This game and benchmark are beautiful...
Today we dive into the world of Fable Legends, an upcoming free to play based on the world of Albion. This title will be released on the Xbox One and for Windows 10 PCs and it will require the use of DX12. Though scheduled for release in Q4 of this year, Microsoft and Lionhead Studios allowed us early access to a specific performance test using the UE4 engine and the world of Fable Legends. UPDATE: It turns out that the game will have a fall-back DX11 mode that will be enabled if the game detects a GPU incapable of running DX12.
This benchmark focuses more on the GPU side of DirectX 12 - on improved rendering techniques and visual quality rather than on the CPU scaling aspects that made Ashes of the Singularity stand out from other graphics tests we have utilized. Fable Legends is more representative of what we expect to see with the release of AAA games using DX12. Let's dive into the test and our results!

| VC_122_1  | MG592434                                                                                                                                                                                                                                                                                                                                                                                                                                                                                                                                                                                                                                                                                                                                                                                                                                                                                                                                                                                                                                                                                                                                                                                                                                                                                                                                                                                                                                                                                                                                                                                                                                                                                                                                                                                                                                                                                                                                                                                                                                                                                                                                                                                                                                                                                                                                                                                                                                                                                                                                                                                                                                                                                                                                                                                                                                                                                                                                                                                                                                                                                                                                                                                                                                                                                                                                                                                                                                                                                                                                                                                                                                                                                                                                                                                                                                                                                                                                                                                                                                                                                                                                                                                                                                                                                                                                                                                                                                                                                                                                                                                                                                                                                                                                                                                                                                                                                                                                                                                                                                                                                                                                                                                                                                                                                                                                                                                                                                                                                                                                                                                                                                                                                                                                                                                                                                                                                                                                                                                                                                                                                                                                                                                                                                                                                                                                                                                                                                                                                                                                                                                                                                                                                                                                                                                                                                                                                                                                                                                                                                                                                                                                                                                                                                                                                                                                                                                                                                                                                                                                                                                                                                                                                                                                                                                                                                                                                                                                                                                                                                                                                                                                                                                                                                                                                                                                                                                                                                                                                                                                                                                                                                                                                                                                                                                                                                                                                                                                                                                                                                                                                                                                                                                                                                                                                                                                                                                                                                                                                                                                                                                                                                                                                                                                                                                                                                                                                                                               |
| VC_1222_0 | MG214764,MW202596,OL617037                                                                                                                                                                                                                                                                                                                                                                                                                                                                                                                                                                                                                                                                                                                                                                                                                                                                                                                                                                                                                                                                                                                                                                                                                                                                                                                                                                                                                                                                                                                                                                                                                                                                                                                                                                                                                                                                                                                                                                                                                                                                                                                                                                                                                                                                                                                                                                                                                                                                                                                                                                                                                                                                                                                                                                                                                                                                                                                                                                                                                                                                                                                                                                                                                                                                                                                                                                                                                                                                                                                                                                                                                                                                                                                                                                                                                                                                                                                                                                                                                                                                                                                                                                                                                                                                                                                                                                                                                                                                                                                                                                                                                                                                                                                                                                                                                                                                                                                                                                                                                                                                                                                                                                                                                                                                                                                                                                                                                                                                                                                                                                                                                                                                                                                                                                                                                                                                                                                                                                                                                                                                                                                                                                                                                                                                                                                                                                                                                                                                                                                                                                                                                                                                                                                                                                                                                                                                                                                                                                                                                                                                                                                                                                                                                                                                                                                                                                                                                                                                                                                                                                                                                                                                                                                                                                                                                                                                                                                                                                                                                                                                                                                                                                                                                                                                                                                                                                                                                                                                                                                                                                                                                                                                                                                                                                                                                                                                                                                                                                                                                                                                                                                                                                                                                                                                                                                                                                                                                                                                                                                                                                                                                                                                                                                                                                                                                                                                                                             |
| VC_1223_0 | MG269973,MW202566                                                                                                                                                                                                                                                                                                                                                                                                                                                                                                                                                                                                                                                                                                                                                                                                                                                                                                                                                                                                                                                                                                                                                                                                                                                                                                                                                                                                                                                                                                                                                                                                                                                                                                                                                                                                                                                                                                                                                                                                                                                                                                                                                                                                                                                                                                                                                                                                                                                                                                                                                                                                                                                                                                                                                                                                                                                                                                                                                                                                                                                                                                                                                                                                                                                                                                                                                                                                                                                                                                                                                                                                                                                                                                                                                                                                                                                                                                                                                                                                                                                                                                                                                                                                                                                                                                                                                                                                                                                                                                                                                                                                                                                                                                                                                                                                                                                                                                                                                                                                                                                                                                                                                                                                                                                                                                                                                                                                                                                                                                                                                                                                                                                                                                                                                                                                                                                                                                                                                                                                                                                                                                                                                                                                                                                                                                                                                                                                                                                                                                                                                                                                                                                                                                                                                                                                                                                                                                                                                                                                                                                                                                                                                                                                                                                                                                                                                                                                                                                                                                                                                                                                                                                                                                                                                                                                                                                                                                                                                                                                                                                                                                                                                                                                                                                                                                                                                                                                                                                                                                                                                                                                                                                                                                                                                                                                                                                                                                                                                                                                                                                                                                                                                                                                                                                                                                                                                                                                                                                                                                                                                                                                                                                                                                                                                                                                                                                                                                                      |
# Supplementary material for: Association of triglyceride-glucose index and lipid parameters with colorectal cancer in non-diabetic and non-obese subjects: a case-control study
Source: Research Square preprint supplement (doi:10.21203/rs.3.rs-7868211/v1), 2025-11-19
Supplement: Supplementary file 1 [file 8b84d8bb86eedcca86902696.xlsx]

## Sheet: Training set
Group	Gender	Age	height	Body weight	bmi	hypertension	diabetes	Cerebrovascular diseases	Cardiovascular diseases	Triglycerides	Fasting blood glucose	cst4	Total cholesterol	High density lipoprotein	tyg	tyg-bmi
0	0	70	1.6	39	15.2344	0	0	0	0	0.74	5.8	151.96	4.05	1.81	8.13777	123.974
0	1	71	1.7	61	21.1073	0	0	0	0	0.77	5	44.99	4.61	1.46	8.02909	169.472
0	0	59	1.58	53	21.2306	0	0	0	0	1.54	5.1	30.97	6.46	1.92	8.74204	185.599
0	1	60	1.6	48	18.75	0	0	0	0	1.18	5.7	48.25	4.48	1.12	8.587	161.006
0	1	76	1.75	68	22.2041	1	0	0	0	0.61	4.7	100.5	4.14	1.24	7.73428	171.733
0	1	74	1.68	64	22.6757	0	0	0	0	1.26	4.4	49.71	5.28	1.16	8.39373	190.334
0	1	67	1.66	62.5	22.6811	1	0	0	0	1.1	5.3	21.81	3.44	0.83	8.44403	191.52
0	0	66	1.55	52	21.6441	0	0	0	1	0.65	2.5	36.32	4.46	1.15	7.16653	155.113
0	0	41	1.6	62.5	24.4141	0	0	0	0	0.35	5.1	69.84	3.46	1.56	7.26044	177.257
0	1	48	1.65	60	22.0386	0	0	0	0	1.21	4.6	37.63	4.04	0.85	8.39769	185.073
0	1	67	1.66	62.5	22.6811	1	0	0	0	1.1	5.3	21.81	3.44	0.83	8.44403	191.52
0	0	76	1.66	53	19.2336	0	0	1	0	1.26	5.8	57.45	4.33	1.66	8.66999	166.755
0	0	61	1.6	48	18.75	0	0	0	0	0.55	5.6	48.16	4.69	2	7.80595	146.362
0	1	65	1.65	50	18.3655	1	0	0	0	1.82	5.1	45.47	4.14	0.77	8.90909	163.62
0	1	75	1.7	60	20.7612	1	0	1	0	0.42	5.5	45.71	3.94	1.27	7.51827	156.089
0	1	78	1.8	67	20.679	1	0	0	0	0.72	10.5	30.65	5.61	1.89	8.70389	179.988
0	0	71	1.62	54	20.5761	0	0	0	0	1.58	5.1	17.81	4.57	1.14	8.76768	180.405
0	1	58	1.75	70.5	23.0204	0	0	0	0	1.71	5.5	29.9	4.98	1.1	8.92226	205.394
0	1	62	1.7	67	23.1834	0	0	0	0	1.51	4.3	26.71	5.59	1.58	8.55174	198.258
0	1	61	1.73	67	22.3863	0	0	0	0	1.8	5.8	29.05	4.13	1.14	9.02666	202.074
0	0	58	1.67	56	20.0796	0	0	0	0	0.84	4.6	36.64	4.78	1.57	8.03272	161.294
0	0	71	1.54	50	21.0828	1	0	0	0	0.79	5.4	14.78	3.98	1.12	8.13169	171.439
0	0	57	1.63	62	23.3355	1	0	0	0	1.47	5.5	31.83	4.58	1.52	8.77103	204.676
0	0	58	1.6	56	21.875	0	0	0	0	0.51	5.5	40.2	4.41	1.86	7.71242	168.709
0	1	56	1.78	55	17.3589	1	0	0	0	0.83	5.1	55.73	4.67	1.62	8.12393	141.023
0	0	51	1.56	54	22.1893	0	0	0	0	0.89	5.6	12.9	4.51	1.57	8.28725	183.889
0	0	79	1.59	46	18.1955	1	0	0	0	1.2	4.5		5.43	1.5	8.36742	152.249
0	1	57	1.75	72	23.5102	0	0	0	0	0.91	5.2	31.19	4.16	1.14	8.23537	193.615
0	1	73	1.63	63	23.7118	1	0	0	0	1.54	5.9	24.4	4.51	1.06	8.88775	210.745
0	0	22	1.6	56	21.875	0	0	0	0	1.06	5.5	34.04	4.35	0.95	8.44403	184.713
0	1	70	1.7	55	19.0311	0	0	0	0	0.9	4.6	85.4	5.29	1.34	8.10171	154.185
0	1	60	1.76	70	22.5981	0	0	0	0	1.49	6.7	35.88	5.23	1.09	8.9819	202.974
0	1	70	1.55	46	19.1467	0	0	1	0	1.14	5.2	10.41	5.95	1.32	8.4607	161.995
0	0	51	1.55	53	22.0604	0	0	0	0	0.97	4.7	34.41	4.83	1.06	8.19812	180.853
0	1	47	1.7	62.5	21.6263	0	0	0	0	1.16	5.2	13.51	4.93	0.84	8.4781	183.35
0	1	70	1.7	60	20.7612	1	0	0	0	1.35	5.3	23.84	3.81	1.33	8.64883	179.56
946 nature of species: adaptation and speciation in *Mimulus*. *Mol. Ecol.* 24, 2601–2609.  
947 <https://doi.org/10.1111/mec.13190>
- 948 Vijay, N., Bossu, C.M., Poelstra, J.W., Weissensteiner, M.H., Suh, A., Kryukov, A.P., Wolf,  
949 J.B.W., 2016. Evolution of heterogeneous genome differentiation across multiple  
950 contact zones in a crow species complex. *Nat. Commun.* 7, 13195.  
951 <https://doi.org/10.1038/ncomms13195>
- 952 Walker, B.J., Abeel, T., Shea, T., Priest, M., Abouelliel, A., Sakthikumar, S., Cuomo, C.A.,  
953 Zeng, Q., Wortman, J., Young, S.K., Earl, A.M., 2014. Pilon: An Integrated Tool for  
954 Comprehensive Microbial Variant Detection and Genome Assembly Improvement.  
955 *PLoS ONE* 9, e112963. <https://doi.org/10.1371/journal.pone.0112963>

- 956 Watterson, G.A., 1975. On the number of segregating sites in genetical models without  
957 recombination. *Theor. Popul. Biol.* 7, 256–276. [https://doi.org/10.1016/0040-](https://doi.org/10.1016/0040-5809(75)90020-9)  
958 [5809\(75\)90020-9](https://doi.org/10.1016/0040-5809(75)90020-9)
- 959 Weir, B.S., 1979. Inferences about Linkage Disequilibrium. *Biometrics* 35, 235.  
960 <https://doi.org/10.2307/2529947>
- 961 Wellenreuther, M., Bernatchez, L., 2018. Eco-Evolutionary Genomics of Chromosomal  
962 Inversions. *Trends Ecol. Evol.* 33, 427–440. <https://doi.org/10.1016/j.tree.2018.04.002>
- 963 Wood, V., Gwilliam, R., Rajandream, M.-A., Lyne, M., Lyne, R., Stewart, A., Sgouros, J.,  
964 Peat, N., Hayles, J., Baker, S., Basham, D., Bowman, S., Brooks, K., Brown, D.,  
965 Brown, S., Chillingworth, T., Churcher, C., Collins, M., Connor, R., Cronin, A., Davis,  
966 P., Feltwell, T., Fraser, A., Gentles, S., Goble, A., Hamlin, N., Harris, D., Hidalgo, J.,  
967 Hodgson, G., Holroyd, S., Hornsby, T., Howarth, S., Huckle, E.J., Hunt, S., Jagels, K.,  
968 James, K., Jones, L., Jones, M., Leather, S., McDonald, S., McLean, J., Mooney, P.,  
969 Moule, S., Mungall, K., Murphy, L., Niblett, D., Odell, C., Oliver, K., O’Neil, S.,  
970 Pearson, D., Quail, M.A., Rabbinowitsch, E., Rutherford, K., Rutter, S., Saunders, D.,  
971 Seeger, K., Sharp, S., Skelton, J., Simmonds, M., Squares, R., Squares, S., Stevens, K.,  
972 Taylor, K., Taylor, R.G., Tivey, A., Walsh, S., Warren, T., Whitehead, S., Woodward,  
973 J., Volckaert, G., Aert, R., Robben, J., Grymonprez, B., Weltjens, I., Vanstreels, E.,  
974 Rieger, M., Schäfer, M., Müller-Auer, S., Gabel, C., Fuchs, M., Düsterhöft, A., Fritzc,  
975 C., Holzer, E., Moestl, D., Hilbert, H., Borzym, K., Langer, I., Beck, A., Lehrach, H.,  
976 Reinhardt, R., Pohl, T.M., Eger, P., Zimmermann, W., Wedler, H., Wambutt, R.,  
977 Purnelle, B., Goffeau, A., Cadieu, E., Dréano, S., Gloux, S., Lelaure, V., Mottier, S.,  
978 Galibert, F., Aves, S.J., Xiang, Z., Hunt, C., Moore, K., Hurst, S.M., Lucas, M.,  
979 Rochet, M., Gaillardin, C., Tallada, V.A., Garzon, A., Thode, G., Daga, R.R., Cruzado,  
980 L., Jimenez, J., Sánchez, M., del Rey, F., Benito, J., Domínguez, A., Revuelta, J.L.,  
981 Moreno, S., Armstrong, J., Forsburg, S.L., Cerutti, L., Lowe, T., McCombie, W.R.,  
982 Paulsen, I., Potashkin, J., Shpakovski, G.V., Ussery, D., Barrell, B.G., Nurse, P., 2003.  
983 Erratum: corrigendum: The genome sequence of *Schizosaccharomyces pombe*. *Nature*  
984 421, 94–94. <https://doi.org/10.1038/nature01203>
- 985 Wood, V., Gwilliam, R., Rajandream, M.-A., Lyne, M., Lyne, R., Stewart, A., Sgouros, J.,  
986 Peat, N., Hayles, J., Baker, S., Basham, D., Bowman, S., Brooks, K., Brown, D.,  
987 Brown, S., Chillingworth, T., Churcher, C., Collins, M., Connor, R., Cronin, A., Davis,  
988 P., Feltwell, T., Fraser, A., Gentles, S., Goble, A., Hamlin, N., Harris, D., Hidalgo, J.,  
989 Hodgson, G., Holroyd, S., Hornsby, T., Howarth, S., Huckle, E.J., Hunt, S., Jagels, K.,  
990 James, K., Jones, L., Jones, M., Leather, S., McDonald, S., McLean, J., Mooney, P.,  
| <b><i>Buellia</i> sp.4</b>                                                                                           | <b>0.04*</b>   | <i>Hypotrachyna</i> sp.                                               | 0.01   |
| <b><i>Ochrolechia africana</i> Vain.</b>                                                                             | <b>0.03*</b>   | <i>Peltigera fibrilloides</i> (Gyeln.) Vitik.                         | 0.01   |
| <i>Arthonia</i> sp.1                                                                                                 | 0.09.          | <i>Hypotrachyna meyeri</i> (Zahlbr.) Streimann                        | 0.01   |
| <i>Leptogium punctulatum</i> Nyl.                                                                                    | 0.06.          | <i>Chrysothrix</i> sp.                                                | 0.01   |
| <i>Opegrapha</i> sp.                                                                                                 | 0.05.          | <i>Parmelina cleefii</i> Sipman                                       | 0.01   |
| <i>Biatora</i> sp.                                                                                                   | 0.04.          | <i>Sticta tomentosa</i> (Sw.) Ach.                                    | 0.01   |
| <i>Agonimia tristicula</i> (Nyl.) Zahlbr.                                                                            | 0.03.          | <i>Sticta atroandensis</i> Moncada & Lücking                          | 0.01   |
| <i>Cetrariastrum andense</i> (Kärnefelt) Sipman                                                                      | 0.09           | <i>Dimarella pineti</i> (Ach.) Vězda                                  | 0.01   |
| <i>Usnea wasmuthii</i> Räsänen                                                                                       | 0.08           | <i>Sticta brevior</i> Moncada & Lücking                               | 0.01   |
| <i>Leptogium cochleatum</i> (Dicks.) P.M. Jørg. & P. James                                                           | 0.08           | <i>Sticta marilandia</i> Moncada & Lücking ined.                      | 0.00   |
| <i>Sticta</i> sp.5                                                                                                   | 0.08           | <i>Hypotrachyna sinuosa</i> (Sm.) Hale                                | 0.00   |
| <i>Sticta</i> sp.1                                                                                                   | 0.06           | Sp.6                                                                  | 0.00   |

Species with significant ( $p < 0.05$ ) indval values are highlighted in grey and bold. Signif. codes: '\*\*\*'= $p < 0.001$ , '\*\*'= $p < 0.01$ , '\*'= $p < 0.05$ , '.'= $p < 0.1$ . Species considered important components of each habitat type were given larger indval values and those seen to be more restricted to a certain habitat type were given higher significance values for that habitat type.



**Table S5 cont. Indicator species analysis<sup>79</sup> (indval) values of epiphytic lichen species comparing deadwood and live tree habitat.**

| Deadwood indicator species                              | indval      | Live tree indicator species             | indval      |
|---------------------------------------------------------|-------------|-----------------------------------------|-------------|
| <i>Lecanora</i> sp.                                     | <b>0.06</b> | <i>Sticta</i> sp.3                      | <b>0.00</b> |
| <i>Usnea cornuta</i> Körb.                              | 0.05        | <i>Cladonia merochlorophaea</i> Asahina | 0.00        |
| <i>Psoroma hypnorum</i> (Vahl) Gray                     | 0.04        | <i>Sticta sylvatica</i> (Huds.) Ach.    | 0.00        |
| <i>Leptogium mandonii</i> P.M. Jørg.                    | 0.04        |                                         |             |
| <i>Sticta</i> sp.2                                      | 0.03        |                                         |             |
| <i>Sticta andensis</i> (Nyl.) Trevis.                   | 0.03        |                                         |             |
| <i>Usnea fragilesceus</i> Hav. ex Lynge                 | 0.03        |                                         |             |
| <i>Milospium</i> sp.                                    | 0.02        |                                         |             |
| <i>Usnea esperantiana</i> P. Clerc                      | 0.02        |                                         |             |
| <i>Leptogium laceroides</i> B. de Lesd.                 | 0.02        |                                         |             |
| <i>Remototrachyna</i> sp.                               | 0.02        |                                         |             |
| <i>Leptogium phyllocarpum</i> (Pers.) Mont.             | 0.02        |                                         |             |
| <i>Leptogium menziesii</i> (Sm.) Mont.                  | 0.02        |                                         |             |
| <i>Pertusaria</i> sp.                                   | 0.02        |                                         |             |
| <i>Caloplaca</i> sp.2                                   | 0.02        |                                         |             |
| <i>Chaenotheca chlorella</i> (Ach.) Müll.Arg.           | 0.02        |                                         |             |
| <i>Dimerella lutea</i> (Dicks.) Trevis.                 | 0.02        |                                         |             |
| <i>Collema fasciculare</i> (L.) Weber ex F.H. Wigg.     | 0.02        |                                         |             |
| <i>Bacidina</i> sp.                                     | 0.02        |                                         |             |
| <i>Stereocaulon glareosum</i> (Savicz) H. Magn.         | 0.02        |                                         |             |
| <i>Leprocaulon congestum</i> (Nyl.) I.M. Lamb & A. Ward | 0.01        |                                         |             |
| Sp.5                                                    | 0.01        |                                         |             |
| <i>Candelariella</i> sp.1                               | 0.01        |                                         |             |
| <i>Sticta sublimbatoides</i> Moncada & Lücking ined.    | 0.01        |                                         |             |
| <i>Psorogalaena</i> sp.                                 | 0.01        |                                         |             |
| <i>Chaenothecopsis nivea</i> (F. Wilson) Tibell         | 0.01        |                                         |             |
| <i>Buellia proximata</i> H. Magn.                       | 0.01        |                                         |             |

Specs and Hardware
The AMD Radeon Nano graphics card is unlike any product we have ever tested at PC Perspective. As I wrote and described to the best of my ability (without hardware in my hands) late last month, AMD is targeting a totally unique and different classification of hardware with this release. As a result, there is quite a bit of confusion, criticism, and concern about the Nano, and, to be upfront, not all of it is unwarranted.
After spending the past week with an R9 Nano here in the office, I am prepared to say this immediately: for users matching specific criteria, there is no other option that comes close to what AMD is putting on the table today. That specific demographic though is going to be pretty narrow, a fact that won’t necessarily hurt AMD simply due to the obvious production limitations of the Fiji and HBM architectures.
At $650, the R9 Nano comes with a flagship cost but it does so knowing full well that it will not compete in terms of raw performance against the likes of the GTX 980 Ti or AMD’s own Radeon R9 Fury X. However, much like Intel has done with the Ultrabook and ULV platforms, AMD is attempting to carve out a new market that is looking for dense, modest power GPUs in small form factors. Whether or not they have succeeded is what I am looking to determine today. Ride along with me as we journey on the roller coaster of a release that is the AMD Radeon R9 Nano.
The Tiniest Fiji